When the dealer's card turns up, he may take the stake and pass the bank; or he may allow the stake to remain, whereat of course it becomes doubled if met. He can continue thus as long as the cards turn up in his favour -- having the option at any moment of giving up the bank and retiring for that time. If he does that, the player to whom he passes the bank has the option of continuing it at the same amount at which it was left. The pool may be made up by contributions of all the players in certain proportions. The terms used respecting the standing of the stake are, 'I'll see' (à moi le tout) and Je tiens. When jumelle (twins), or the turning up of similar cards on both sides, occurs, then the dealer takes half the stake.
Sometimes there is a run of several consecutive winnings; but on one occasion, on board one of the Cunard steamers, a banker at the game turned up in his own favour I think no less than eighteen times. The original stake was only six pence; but had each stake been met as won, the final doubling would have amounted to the immense sum of L3,236 16s.! This will appear by the following scheme: --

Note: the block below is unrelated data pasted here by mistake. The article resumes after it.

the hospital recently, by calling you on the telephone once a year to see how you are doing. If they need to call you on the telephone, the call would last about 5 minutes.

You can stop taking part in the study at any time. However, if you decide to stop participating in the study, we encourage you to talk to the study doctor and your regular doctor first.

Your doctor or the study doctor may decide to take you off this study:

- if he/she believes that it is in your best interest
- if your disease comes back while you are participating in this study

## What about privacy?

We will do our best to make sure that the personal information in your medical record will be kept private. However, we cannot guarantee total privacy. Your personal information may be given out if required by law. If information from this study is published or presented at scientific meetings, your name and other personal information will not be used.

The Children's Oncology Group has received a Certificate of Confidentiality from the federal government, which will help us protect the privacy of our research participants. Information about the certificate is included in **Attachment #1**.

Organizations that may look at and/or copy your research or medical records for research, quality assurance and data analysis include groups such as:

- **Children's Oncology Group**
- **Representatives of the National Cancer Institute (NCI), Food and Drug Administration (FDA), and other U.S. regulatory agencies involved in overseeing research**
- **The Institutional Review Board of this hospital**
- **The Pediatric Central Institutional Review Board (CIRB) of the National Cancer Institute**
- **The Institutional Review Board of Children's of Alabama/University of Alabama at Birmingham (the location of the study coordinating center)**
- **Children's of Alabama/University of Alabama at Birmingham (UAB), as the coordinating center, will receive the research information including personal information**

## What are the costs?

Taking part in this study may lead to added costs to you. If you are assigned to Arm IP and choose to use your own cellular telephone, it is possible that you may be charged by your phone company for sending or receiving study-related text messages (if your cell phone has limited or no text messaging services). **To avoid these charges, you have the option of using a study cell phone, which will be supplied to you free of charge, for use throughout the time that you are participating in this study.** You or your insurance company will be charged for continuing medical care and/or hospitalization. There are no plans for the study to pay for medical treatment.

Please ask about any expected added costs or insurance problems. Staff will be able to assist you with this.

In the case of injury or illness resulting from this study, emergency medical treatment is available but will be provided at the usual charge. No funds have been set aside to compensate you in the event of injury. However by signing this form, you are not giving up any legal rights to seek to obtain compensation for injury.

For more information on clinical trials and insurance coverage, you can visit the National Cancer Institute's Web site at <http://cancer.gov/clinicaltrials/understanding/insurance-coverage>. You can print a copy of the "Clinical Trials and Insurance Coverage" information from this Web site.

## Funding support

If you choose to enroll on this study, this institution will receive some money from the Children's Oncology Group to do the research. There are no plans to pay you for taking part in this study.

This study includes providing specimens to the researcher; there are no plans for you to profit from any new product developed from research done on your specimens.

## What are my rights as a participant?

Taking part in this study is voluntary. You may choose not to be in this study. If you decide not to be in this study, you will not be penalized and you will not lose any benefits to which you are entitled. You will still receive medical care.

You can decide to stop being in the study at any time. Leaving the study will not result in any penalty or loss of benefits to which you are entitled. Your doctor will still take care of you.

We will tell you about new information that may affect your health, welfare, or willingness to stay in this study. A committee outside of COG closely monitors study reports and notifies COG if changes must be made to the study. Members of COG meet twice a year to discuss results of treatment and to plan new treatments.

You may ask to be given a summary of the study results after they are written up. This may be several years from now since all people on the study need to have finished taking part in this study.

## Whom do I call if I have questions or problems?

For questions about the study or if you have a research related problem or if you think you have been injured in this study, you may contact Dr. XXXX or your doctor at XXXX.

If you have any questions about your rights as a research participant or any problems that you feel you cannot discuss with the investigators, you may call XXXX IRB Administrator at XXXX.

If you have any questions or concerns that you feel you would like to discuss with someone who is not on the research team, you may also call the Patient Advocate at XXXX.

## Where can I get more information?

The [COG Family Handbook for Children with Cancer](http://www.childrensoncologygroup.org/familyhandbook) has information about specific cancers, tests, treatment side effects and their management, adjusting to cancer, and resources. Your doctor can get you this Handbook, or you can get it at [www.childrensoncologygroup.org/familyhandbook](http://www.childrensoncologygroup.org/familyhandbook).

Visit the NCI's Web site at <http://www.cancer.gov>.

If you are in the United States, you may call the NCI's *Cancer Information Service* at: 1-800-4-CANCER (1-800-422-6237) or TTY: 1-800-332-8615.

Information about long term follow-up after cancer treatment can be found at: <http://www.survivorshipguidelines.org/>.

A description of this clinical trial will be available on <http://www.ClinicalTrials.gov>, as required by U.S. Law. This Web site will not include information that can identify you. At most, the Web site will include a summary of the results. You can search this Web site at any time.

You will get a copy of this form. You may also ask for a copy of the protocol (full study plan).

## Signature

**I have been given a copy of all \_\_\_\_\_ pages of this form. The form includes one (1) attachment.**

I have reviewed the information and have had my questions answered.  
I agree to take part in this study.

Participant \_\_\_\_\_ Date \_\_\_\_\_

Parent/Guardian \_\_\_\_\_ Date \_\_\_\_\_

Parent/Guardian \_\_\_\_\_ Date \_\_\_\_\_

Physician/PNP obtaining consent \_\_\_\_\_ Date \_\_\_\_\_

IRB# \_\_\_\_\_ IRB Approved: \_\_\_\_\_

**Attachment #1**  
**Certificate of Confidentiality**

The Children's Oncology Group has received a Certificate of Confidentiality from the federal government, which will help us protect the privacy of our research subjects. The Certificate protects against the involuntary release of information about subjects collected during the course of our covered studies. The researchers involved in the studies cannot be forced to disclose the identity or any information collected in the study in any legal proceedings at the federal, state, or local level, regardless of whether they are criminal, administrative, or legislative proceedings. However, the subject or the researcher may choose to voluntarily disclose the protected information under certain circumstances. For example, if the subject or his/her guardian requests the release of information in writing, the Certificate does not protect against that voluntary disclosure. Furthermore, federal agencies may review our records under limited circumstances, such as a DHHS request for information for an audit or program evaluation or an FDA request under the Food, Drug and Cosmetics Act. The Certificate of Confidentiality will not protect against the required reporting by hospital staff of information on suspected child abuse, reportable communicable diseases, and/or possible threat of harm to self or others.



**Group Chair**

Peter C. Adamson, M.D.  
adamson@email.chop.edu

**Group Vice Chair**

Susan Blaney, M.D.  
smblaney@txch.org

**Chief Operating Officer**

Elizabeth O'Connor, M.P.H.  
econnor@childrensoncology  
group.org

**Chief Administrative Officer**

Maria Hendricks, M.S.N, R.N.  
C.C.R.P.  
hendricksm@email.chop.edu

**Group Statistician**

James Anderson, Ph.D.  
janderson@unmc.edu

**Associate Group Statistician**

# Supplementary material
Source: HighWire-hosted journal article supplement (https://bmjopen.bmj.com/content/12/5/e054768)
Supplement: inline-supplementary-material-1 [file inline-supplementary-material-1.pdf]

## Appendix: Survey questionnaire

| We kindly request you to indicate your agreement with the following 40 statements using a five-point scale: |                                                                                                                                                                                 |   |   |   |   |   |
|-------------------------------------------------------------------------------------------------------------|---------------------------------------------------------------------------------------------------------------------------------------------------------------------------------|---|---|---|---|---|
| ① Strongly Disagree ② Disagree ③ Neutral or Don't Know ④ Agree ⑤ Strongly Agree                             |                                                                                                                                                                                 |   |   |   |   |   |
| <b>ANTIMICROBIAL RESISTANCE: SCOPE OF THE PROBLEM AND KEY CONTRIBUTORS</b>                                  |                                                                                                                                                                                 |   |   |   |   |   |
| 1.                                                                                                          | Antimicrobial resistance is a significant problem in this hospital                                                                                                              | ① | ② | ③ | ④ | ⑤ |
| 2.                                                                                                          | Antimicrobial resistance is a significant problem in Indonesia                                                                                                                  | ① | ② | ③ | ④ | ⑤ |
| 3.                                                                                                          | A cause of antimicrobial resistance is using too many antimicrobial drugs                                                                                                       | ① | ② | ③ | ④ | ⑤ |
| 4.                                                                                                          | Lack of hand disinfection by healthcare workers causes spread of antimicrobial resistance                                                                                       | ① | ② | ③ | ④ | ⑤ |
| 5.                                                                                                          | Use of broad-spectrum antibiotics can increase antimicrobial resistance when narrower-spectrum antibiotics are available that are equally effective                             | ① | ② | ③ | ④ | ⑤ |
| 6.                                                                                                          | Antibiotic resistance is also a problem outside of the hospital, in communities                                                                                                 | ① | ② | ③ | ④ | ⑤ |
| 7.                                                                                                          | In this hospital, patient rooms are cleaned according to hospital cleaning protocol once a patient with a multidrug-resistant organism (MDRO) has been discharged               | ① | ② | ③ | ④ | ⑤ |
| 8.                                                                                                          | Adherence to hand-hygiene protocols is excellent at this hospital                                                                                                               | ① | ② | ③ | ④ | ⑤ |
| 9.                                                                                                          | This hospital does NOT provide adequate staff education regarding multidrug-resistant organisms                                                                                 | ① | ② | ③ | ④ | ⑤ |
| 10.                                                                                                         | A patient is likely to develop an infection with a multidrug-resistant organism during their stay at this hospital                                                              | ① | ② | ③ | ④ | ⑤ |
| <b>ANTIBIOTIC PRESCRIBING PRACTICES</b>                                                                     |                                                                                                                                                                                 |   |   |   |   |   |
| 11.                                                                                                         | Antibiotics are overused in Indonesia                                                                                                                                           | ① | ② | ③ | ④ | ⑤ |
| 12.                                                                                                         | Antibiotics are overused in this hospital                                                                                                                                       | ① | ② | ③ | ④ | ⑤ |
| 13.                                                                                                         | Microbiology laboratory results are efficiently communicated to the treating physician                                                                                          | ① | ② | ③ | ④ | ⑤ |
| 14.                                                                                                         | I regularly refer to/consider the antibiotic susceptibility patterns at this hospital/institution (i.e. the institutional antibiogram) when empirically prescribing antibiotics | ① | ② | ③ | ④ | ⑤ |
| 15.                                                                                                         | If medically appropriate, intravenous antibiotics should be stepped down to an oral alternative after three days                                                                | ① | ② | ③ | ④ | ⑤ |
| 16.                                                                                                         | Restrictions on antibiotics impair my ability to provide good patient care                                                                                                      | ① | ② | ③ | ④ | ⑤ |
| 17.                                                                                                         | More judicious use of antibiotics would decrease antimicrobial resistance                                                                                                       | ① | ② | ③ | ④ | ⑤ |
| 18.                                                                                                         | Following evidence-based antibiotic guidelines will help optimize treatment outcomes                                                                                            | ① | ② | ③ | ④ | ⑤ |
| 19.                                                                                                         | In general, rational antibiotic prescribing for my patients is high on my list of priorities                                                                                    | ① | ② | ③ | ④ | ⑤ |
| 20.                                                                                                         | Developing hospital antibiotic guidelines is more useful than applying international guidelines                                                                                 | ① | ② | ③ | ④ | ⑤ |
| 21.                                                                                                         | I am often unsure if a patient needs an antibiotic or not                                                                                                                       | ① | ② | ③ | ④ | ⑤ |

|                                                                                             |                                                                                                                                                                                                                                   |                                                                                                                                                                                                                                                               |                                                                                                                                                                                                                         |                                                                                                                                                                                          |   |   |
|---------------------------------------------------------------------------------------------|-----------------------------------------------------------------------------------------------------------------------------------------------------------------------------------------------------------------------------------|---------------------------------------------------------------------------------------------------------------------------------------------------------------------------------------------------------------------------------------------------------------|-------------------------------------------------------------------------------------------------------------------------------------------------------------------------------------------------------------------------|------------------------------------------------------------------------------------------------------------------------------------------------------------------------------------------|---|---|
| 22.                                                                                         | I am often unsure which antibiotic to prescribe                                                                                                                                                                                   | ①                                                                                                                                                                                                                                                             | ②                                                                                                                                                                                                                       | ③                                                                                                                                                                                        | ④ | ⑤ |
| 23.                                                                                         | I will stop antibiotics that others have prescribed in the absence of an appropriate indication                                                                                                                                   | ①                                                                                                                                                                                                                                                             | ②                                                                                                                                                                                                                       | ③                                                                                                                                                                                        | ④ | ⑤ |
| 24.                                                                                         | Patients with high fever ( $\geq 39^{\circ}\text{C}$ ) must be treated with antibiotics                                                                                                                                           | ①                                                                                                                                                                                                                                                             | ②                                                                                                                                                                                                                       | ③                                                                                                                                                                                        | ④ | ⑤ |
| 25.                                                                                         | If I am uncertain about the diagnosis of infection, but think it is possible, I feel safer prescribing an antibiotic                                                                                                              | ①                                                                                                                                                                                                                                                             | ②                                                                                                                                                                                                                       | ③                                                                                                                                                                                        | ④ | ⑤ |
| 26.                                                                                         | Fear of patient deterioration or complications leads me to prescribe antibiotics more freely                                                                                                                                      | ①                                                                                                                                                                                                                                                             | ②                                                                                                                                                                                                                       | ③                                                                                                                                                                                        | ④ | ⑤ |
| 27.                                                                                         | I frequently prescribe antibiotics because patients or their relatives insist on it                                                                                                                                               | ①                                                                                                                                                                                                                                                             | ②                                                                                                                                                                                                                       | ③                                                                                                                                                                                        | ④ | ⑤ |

L s. d. L s. d.
1st turn up 0 0 6 10th turn up 12 16 0
2nd ,, 0 1 0 11th ,, 25 12 0
3rd ,, 0 2 0 12th ,, 51 4 0
4th ,, 0 4 0 13th ,, 102 8 0
5th ,, 0 8 0 14th ,, 204 16 0
6th ,, 0 16 0 15th ,, 409 12 0
7th ,, 1 12 0 16th ,, 819 4 0
8th ,, 3 4 0 17th ,, 1,618 8 0
9th ,, 6 8 0 18th ,, 3,236 16 0
In fair play, as this is represented to have been, such a long sequence of matches must be considered very remarkable, although six or seven is not unfrequent.
Unfortunately, however, there is a very easy means by which card sharpers manage the thing to perfection. They prepare beforehand a series of a dozen cards arranged as follows: --
1st Queen 6th Nine
2nd Queen 7th Nine
3rd Ten 8th Ace
4th Seven 9th Eight
5th Ten 10th Ace
Series thus arranged are placed in side pockets outside the waistcoat, just under the left breast. When the sharper becomes banker he leans negligently over the table, and in this position his fingers are as close as possible to the prepared cards, termed portees. At the proper moment he seizes the cards and places them on the pack. The trick is rendered very easy by the fact that the card-sharper has his coat buttoned at the top, so that the lower part of it lies open and permits the introduction of the hand, which is completely masked.
Some sharpers are skilful enough to take up some of the matches already dealt, which they place in their costieres, or side-pockets above described, in readiness for their next operation; others keep them skillfully hidden in their hand, to lay them, at the convenient moment, upon the pack of cards. By this means, the pack is not augmented [Robert Houdin, Les Tricheries des Grecs dévoilées].